73-year-old Man with Sensation of Incomplete Bladder Emptying and a Need to Strain to Urinate Treated with Urolift at New York Urology Specialists
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BPH Treatment: 73-year-old Man Treated at New York Urology Specialists
NP is a 73-year-old man with complaints of nocturia (waking up to urinate) 3-5 times per night, a sensation of incomplete bladder emptying, urinary urgency, and a slow urine stream as well as frequent urination during the day for the past 10 years. The patient reports no blood in the urine. The patient does report urge incontinence. Involuntary leakage of urine when he is unable to make it to the toilet in time occurs 1 to 2 times a week. The patient was previously treated with Avodart (dutasteride) for 1 year and Flomax (tamsulosin) which did not help. The patient reports that he stopped the medications due to a lack of efficacy.
AUA symptom score of 25. PSA = 1.9 (adjusted for Avodart use PSA = 3.8)
A thorough evaluation was performed which included bladder and prostate ultrasound, uroflow measurement, and bladder post-void residual urine volume measurement. The patient was found to have a relatively small prostate, 25 ml; peak urinary flow of 19 ml/sec, and a mean flow of 11 ml/sec. He had an elevated post-void residual of 114 ml.
Clinically, the patient appeared to have high-pressure voiding with incomplete bladder emptying likely due to obstruction by the prostate.
Cystoscopy revealed lateral lobe hypertrophy of the prostate (moderately obstructing prostate); 2+ trabeculations of the bladder suggesting long-term obstruction and high-pressure voiding. Urodynamic studies confirmed very high-pressure voiding and delayed sensation.
Treatment options were discussed with the patient given that he failed treatment with medications. The patient was given a choice of a minimally invasive procedure performed in the office under local anesthesia shows such as UroLift procedure or Rezum procedure. The other alternative is a hospital-based surgery performed under general anesthesia such as laser enucleation of the prostate (HOLEP) or bipolar TURP.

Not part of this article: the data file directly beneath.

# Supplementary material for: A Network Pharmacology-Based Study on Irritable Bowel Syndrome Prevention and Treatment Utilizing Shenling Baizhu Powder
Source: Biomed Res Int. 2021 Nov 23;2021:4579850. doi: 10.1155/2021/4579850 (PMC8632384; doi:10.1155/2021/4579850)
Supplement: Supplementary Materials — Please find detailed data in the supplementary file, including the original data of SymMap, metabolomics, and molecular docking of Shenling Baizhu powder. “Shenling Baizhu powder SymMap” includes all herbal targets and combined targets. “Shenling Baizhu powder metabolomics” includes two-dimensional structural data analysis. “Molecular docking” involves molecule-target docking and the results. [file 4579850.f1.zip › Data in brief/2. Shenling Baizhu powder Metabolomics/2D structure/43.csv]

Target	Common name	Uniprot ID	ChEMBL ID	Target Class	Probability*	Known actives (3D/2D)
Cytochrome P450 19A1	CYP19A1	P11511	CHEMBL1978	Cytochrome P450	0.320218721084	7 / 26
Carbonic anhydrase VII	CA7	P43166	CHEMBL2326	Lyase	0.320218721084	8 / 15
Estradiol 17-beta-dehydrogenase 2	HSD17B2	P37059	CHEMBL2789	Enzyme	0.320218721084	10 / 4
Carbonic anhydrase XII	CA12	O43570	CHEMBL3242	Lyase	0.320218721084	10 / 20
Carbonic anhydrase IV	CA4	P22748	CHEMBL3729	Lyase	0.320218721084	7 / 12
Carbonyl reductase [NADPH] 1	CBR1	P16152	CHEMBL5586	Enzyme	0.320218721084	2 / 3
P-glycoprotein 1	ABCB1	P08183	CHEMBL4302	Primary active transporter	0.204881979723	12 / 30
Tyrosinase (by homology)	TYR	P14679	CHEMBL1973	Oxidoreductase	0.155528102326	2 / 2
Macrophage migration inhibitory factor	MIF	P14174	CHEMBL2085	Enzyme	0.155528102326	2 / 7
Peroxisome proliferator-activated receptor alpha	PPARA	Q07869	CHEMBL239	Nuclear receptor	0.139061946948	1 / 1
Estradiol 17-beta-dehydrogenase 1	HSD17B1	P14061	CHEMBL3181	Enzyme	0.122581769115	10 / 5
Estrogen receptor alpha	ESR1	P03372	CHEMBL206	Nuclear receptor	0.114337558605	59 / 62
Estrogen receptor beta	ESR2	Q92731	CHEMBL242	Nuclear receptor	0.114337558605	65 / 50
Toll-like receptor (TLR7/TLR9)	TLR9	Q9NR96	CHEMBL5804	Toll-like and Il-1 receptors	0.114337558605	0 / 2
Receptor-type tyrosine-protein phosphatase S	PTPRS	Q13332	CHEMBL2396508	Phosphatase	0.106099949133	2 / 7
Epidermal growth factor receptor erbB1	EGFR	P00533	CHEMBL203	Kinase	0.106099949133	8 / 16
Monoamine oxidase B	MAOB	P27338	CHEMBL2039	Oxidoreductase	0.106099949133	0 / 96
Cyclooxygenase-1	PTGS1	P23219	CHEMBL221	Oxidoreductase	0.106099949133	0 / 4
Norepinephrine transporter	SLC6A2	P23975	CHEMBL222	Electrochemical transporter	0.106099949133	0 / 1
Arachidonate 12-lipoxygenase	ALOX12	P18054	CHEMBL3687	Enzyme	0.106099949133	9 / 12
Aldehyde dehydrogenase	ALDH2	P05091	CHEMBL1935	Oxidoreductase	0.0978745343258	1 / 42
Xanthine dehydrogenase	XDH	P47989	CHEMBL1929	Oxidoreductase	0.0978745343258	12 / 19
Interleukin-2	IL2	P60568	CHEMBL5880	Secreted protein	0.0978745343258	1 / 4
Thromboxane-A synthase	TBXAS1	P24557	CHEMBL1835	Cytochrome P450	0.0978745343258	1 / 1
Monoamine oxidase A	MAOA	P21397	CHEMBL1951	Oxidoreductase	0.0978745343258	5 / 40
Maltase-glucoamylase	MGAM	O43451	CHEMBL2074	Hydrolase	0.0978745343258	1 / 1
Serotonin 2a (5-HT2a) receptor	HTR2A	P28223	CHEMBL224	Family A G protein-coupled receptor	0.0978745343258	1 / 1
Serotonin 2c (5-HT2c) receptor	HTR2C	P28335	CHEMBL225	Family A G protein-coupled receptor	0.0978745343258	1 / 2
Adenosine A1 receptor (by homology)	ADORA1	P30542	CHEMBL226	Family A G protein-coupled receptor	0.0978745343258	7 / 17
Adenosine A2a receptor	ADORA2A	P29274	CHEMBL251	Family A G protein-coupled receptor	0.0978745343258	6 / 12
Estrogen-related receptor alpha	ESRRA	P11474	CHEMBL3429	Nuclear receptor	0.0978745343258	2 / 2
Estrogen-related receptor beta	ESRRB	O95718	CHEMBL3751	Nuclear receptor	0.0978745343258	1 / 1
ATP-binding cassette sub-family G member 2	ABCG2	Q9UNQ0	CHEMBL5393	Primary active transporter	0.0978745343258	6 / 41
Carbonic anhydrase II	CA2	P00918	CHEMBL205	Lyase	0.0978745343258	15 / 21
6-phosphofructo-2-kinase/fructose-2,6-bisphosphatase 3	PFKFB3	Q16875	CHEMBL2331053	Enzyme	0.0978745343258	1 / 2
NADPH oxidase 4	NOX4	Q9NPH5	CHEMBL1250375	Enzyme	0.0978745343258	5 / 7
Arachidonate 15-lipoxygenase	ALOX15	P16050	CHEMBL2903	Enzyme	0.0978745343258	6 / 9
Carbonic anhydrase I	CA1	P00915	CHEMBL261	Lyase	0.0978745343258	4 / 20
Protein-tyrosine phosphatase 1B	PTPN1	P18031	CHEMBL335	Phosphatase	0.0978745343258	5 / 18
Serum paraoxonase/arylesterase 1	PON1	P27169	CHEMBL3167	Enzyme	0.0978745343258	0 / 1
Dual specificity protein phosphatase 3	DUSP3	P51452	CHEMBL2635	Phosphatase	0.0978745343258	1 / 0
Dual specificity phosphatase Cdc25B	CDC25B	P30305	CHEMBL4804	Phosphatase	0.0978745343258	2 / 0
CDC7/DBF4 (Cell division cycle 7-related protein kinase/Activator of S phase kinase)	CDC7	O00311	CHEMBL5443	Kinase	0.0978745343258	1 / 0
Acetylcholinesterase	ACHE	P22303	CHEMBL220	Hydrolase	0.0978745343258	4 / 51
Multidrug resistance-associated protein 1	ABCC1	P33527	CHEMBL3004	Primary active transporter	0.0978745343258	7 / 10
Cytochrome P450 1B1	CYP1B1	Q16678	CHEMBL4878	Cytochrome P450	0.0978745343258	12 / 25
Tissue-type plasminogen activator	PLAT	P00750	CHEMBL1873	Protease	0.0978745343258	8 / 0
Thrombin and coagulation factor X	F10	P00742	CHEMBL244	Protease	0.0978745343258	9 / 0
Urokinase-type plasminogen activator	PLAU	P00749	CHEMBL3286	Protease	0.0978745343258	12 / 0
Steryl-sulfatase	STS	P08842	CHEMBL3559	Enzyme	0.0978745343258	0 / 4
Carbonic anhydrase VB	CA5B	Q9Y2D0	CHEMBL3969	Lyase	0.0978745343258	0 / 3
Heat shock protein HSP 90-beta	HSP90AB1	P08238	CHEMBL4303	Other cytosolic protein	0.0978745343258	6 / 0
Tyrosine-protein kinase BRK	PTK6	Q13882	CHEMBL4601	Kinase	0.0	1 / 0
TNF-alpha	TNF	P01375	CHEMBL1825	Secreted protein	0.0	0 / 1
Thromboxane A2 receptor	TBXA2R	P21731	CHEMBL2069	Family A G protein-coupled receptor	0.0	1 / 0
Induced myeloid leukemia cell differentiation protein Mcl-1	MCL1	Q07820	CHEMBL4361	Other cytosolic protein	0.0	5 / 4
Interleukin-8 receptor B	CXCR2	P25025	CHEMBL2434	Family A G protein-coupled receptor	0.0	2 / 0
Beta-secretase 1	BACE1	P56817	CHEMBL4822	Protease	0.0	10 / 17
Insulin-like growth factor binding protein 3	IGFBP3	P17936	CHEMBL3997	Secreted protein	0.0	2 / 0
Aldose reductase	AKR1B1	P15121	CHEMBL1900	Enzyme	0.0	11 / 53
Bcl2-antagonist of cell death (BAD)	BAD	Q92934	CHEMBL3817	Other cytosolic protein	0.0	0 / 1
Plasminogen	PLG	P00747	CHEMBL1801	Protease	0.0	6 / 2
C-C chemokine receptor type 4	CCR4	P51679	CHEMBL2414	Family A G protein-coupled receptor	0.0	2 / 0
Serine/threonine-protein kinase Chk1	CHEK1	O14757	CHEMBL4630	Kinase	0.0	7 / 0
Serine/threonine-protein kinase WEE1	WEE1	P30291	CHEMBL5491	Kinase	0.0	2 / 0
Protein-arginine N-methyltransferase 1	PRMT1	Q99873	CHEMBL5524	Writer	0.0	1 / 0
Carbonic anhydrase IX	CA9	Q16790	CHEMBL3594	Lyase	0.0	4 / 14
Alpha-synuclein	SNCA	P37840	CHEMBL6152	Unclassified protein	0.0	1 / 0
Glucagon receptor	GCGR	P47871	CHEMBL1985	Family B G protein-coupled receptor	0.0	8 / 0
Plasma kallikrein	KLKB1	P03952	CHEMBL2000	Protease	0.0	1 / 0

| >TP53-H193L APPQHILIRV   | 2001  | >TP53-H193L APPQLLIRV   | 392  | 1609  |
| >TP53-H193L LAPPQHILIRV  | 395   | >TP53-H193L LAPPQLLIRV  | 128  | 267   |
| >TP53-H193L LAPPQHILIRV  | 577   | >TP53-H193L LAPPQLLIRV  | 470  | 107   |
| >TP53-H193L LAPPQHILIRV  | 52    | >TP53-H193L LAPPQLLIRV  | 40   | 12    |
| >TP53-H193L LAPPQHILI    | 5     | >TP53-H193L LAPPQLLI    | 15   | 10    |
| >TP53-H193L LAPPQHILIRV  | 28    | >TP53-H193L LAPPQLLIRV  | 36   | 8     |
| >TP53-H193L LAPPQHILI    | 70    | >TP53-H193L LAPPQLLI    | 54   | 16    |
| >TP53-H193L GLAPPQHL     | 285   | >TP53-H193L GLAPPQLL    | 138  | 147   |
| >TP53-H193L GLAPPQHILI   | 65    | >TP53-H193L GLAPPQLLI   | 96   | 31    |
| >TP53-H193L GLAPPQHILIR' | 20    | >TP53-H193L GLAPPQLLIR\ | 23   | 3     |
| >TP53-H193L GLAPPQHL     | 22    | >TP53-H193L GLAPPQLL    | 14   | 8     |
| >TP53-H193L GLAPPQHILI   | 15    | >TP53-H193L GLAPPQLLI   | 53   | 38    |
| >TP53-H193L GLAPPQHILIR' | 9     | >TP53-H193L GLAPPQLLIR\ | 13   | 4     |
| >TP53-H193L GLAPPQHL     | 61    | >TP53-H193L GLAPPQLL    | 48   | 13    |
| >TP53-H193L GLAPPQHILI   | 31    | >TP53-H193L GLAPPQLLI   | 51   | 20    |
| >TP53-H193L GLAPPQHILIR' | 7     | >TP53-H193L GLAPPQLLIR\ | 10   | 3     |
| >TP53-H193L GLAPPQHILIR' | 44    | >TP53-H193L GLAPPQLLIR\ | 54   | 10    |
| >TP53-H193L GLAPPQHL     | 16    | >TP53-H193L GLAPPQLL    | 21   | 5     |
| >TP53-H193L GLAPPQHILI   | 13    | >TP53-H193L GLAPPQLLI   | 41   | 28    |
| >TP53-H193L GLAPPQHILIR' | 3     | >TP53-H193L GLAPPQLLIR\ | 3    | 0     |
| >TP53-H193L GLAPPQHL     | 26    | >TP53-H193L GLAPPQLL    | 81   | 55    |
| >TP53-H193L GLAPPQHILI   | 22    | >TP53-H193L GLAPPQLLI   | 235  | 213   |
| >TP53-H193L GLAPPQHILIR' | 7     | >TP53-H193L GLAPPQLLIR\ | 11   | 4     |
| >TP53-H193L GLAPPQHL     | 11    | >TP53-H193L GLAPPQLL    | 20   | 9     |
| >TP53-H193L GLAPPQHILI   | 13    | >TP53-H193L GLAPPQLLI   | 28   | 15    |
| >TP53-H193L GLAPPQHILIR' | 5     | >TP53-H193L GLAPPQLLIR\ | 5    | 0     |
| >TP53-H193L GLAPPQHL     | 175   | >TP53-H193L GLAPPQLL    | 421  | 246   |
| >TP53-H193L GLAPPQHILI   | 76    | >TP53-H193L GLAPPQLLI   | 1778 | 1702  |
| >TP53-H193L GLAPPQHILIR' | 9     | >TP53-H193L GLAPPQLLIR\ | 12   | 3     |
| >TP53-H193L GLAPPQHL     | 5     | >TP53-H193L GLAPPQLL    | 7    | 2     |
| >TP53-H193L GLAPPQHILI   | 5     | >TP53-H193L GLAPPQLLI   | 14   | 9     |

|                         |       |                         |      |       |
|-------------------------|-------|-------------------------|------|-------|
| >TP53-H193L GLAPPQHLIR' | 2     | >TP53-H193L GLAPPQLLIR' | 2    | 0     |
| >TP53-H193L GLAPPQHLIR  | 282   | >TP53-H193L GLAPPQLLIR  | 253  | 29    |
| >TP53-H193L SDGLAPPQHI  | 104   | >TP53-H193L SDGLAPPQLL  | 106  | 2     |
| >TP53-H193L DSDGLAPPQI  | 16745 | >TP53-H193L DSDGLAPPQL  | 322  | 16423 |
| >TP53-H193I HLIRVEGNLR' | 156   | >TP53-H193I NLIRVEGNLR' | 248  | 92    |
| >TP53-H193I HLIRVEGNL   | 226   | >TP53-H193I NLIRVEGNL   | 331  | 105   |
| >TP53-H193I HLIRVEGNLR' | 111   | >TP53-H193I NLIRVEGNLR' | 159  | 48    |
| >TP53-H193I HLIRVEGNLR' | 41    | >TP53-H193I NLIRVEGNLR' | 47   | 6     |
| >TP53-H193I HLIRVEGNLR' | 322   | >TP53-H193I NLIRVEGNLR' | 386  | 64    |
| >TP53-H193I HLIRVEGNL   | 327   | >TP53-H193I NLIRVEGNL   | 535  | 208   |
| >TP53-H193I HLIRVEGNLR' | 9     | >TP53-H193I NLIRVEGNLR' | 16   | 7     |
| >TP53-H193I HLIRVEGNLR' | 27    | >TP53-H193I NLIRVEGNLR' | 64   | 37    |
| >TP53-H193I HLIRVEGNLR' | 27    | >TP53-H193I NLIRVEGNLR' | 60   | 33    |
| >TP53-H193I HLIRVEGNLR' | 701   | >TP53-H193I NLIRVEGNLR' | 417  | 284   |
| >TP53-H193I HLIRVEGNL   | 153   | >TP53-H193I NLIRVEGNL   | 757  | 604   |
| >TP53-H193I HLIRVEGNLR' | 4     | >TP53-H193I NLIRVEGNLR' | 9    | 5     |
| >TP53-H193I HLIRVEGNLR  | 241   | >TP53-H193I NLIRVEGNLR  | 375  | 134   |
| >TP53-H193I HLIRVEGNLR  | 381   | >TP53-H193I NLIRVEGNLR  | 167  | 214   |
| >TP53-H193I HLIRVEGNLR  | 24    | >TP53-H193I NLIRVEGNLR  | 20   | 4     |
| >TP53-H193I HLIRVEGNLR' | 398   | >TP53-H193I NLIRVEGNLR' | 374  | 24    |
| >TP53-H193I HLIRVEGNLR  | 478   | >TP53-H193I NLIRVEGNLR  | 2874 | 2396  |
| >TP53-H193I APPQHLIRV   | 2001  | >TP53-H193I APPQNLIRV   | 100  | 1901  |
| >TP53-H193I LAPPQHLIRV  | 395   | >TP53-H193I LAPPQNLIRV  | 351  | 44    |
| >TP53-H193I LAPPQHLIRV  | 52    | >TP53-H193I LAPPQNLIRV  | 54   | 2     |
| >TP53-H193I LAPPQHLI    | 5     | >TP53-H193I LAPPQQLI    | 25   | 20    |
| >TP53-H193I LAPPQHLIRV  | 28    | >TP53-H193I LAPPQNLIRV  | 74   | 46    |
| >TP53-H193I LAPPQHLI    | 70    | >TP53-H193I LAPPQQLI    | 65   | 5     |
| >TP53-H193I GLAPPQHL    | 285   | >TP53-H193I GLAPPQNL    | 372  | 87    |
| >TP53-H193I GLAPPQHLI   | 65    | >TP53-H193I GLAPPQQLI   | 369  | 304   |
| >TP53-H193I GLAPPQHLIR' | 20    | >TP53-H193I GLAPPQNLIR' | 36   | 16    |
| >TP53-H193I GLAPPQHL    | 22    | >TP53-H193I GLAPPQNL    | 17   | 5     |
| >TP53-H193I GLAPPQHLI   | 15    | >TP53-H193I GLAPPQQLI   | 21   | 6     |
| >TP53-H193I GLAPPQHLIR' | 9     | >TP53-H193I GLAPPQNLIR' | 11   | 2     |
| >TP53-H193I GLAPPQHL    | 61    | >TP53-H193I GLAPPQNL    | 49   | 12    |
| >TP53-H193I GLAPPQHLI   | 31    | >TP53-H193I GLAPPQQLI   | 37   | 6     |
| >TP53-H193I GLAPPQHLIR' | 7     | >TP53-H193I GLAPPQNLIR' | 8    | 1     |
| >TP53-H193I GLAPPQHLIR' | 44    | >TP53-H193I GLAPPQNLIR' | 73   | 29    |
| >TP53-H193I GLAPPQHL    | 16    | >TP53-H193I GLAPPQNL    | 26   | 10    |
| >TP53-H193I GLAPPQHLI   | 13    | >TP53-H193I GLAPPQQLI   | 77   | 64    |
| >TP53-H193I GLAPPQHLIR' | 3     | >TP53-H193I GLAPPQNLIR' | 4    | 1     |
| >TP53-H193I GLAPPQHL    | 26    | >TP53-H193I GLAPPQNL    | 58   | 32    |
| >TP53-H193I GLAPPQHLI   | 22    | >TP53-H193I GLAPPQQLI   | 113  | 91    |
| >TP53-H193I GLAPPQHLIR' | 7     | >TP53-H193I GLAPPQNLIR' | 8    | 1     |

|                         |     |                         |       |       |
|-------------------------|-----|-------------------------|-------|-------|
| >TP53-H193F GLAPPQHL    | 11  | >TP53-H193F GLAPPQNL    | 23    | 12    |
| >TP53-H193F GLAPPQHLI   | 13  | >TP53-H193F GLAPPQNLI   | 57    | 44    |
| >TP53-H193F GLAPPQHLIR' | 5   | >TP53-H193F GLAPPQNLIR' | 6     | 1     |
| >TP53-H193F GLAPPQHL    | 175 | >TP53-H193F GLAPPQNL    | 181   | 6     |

The advantages of local anesthesia include no need for preparation, excellent pain control, and no risks of general anesthesia. By having the procedure under local anesthesia he is also saving a significant amount of money by avoiding the cost of co-insurance for a surgical center facility fee as well as anesthesiologist fee.
Follow-up – Urolift Procedure
The patient presents for the Urolift procedure under local anesthesia.
A prostate block with bupivacaine was given to induce local anesthesia and numbness of the penis and prostate. Urethral lidocaine was administered to numb the bladder and the urethra. The Urolift procedure was performed, which took less than 15 minutes to perform. At the end of the procedure, the patient reported minimal discomfort during the procedure with a pain score of 4 out of 10 (1 being no pain; 10 being the worst pain if his life).
The patient was able to urinate after the procedure and did not require a urethral catheter.
Follow-up Appointment – 4 weeks after Urolift procedure
The patient came back 4 weeks after the procedure.
He reported frequent urination and blood in the urine for the first few days after the procedure which subsided. He still feels that his urine stream is slow. He still experiences urge incontinence. He was advised that sometimes it takes longer for the irritation and inflammation from the Urolift procedure to subside.
Follow-up Appointment – 3 months
The patient returned 3 months after the Urolift procedure. He reported significant improvement in urinary symptoms. Most notably he feels that he empties his bladder completely, does not need to push or wait to start urinating. He reports that urine dripping after urination has stopped. He also does not wake up at night as much as he did before. He no longer experiences episodes of urgency. He is able to make it to the toilet when he needs to void and has much better control of his bladder. He reports a significant improvement in symptoms. He is very satisfied with the outcome of the Urolift procedure.
His AUA symptom score at 3 months is 8, compared to 25 prior to the Urolift procedure. This demonstrates objective improvement in urinary symptoms by >70%.